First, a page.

NBA Draft Lottery 2014: Projected Order, Odds and Prospects to Watch

Chris RolingFeatured ColumnistMay 13, 2014

Kentucky forward Julius Randle reacts during the first half of an NCAA Final Four tournament college basketball semifinal game against Wisconsin Saturday, April 5, 2014, in Arlington, Texas. (AP Photo/David J. Phillip)
David J. Phillip/Associated Press

Don't get too cozy with the 2014 NBA draft lottery, because it may be the last of its kind.

That's pure speculation, of course, but the NBA has to do something about the league's rampant tanking that took place this past season so that bad franchises could potentially snag an elite player in the lottery.

The exception to the rule among those 14 teams is Phoenix, but such is life. The NBA is a league ruled by individual superstars to a certain extent, so the approach by bad teams destined to miss the postseason made sense, but the league owes it to the fans to place a better product on the court. 

The culprits and their chances to win the lottery are as follows.


2014 NBA Draft Lottery Chances/Projected Order
Rank Team Chance of Winning
1 Milwaukee Bucks 25.0%
2 Philadelphia 76ers 19.9%
3 Orlando Magic 15.6%
4 Boston Celtics 10.4%
5 Utah Jazz 10.3%
6 Los Angeles Lakers 6.3%
7 Sacramento Kings 4.3%
8 Detroit Pistons 2.8%
9 Cleveland Cavaliers 1.7%
10 New Orleans Pelicans 1.1%
11 Denver Nuggets (via New York Knicks) 0.8%
12 Orlando Magic (via Denver Nuggets) 0.7%
13 Minnesota Timberwolves 0.6%
14 Phoenix Suns 0.5%

*Chances via 


Prospects to Watch

Joel Embiid, C, Kansas 

Orlin Wagner/Associated Press

At 7'0" and plenty talented, it is easy to see why many consider Joel Embiid the best player in the class and a serious candidate for the 2015 Rookie of the Year.

But Embiid is one to watch with the lottery on the horizon. Things are set to enter smokescreen season sooner rather than later, which means Embiid's health and overall game will be a hot topic until he eventually finds a pro home.

Embiid missed the final six games of his collegiate career, which promptly saw Kansas bow out of the tournament in the second round to Stanford.

While a defensive force and sound enough offensively, Embiid is a major risk for teams who just tanked away an entire season to get an elite prospect. Last year, one of the consensus top players was Nerlens Noel, but a knee injury caused him to fall to sixth overall.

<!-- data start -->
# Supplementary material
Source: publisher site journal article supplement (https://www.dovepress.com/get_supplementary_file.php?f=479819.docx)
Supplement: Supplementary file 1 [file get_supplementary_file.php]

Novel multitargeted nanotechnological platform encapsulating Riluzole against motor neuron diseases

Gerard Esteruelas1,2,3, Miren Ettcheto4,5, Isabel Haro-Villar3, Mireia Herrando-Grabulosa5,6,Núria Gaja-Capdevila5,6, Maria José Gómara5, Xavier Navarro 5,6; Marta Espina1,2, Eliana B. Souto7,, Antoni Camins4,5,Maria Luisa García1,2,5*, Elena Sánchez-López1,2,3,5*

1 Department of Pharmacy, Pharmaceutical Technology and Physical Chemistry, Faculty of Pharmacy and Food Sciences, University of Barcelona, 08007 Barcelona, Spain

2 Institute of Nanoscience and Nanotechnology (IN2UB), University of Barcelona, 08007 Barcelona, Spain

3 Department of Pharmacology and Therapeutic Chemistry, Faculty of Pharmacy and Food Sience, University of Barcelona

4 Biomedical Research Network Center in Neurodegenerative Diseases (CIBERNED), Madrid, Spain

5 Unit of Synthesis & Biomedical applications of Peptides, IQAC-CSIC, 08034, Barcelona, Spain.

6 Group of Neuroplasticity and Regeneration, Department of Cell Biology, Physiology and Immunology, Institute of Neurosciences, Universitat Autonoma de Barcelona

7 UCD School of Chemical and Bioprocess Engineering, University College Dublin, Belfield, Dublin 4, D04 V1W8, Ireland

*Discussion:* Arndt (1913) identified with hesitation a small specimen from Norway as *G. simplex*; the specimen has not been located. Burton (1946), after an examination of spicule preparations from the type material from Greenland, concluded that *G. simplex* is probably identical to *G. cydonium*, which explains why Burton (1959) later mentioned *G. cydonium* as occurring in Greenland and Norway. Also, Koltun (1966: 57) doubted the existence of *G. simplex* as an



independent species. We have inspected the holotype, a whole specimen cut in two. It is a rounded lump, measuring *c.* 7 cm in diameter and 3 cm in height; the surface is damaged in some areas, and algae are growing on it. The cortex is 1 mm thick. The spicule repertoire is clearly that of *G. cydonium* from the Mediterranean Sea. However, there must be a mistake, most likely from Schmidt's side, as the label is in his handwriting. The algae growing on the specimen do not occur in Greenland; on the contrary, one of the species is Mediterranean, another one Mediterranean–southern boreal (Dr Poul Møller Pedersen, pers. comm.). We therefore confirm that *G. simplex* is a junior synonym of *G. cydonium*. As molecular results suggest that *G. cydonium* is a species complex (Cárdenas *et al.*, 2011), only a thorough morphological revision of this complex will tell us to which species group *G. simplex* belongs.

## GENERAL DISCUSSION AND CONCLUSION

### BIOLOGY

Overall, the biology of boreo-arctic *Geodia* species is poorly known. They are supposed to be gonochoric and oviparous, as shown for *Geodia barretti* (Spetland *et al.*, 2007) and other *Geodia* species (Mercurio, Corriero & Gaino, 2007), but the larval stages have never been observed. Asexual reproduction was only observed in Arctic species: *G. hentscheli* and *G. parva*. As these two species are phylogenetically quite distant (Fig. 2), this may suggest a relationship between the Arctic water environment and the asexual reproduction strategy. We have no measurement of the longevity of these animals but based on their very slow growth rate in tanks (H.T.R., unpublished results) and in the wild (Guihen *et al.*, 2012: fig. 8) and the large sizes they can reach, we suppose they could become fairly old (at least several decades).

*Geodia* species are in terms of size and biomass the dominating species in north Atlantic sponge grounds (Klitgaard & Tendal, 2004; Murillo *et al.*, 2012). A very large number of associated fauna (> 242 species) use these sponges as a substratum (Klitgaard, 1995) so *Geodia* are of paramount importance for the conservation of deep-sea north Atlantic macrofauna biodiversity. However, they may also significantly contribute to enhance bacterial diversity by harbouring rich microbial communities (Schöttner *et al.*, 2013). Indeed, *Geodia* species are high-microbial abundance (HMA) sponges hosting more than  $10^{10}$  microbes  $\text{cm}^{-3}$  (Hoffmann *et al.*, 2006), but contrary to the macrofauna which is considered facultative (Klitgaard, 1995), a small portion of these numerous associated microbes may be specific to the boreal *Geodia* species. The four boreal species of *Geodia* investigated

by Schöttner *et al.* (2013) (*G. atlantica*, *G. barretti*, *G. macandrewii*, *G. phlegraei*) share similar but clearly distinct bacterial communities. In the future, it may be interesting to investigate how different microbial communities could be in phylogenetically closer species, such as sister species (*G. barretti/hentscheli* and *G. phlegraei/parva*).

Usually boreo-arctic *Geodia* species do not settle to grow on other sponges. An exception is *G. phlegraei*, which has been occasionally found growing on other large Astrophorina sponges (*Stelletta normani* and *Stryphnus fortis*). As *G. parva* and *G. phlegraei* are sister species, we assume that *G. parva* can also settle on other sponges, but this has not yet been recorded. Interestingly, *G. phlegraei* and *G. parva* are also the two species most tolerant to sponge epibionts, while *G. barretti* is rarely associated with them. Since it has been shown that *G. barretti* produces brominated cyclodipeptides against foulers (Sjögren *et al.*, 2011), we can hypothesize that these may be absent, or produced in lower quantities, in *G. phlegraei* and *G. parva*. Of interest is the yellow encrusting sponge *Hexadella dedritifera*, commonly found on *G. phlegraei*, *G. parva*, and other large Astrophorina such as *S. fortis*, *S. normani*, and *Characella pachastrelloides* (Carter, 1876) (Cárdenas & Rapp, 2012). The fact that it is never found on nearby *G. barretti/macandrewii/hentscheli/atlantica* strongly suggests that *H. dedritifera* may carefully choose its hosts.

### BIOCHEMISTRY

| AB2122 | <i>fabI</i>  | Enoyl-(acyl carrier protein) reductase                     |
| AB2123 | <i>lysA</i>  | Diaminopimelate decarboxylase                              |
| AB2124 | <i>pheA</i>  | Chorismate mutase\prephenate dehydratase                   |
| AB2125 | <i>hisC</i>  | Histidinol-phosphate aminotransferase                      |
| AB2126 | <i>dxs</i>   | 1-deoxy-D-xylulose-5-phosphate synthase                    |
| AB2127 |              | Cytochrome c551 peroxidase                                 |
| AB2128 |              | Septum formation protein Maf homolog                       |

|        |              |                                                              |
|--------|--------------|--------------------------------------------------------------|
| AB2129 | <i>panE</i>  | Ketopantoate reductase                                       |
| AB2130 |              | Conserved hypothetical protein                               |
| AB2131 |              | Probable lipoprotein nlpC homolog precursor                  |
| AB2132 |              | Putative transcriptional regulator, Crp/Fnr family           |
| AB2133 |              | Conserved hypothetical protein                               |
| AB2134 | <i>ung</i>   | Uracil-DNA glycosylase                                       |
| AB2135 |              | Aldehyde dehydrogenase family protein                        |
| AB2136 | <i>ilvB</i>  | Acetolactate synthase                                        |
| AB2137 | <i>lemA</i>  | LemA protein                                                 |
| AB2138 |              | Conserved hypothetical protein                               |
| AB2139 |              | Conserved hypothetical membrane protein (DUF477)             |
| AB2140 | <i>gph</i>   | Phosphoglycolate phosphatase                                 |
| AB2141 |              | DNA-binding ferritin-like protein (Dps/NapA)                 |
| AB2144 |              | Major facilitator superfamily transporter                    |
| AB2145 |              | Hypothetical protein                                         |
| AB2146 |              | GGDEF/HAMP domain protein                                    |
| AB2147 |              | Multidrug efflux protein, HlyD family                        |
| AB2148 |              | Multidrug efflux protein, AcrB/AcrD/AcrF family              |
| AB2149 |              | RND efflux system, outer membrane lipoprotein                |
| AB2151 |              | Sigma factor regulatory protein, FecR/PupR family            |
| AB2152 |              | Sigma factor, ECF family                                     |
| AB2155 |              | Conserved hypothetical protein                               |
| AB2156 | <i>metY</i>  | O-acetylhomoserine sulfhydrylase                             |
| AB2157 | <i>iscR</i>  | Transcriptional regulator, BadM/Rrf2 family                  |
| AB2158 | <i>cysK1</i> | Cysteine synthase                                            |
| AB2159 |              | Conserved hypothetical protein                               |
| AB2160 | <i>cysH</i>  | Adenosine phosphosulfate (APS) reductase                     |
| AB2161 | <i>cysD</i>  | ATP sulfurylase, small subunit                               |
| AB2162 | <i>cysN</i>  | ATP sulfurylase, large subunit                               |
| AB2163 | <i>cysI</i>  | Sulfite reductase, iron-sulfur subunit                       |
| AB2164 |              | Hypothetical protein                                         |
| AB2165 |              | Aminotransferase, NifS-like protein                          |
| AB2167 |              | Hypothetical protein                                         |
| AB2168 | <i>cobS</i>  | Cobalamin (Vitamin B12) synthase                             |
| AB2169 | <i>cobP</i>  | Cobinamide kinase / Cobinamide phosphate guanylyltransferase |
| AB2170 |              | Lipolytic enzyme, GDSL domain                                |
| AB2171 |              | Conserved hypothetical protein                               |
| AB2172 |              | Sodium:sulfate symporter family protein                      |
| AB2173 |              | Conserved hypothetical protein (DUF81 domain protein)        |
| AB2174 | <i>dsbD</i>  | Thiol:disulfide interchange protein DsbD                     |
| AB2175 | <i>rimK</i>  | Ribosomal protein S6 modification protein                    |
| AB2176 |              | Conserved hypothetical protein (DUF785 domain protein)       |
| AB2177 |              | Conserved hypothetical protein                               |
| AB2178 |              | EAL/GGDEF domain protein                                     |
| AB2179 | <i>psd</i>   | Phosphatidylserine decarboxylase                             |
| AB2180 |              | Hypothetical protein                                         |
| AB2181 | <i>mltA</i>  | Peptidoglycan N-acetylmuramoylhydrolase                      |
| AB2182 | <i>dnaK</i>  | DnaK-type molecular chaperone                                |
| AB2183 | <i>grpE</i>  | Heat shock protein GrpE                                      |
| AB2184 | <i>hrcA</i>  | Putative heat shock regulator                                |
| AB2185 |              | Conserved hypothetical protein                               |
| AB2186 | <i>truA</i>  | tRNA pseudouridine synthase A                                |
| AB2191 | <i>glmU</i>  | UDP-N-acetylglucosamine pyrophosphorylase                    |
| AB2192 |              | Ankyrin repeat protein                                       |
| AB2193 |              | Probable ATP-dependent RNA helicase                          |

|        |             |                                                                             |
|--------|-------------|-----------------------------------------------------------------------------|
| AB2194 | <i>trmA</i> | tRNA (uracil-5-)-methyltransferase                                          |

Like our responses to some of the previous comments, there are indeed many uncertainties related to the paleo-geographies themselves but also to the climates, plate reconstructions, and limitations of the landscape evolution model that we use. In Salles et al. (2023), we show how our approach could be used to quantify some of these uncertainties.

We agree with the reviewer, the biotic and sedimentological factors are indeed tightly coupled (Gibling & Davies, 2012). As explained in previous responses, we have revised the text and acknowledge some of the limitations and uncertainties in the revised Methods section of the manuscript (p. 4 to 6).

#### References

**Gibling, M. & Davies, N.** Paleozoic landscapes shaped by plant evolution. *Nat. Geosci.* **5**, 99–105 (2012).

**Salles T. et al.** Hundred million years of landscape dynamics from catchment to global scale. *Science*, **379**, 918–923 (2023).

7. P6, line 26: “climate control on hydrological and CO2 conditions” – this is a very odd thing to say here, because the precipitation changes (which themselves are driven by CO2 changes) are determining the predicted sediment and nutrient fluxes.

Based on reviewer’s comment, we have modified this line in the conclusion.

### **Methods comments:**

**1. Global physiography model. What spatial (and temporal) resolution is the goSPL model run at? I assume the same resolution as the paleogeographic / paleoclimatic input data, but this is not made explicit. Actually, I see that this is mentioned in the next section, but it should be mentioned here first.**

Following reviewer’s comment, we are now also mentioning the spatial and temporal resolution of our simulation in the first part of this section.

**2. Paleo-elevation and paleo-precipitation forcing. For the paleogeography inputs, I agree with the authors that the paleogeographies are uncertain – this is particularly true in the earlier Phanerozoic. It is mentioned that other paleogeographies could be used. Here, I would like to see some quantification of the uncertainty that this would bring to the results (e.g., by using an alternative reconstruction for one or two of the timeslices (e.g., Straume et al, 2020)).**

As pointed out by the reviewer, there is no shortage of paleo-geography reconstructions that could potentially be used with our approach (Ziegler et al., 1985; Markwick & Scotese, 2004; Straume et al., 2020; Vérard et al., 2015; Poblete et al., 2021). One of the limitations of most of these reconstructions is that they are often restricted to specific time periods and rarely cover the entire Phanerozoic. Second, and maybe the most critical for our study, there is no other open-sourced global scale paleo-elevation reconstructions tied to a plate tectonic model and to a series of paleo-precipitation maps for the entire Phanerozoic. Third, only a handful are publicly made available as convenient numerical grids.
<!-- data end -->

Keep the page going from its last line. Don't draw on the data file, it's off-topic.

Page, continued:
The storylines around Embiid are just getting started.


Andrew Wiggins, G/F, Kansas

Jeff Roberson/Associated Press

Chad Ford of ESPN (subscription required) has the latest feelers out, which say Andrew Wiggins is the main prospect to watch at No. 1 overall:

I've been speaking to sources inside each of these teams for months, and it looks like a majority of them -- especially the three teams with the best chance of landing the No. 1 pick (the Bucks, Sixers and Magic) -- are leaning toward Wiggins right now.

Wiggins is a name to watch, as he will also be a victim of smokescreens in some regards. The supreme upside is there thanks to athleticism, as are his averages of 17.1 points, 5.9 rebounds and 1.5 assists, but his tendency to disappear at times will be exploited.

As will his decision to not attend the draft combine, per Adrian Wojnarowski of Yahoo! Sports:

Perhaps the best fit of all for Wiggins is in Philadelphia, where he can run wild in the trigger-happy offense he adapts to the pro game. Regardless, it will be interesting to see how much teams in the lottery care about his decision to skip the combine.


Julius Randle, F, Kentucky

Eric Gay/Associated Press

It may be a surprise to some, but Julius Randle is a dark horse to wind up in the top three.

After a year in which he was the most consistent player on the Kentucky Wildcats, Randle touts a skill set complete with a strong jumper from range that has some, such as's David Aldridge, throwing Zach Randolph comparisons his way:

Comparisons can be flattering, but also facile. Greg Page was not, in the end, the next Muhammad Ali, just because he came from Louisville, too. And so you hear that Kentucky's Julius Randle is, on the court, the next Zach Randolph, which is a heck of a compliment to the 19-year-old. But it's not exactly correct.

The reason why Randolph has been able to succeed for 12 pro seasons despite being a non-jumping, undersized power forward is that he has two of the longest arms ever attached to a human body. They allow him to get his shot off over taller guys and get his mitts on rebounds. Meanwhile, Randle, while having normal arms for most homo sapiens, has short arms for a basketball player. Think Kevin Willis.

Aldridge even spoke to an NBA executive who said the comparison is fair, especially on the defensive end of the court: "He's strong enough to guard his position. He can do some of the things that Zach and the other undersized fours do. He's going to be able to hold his own because he's so strong."

The fact Randle can still add bulk to his frame and improve on his shooting from all areas means there is an alluring upside to his game teams may find difficult to ignore. Don't be shocked when his name is one of the first called.


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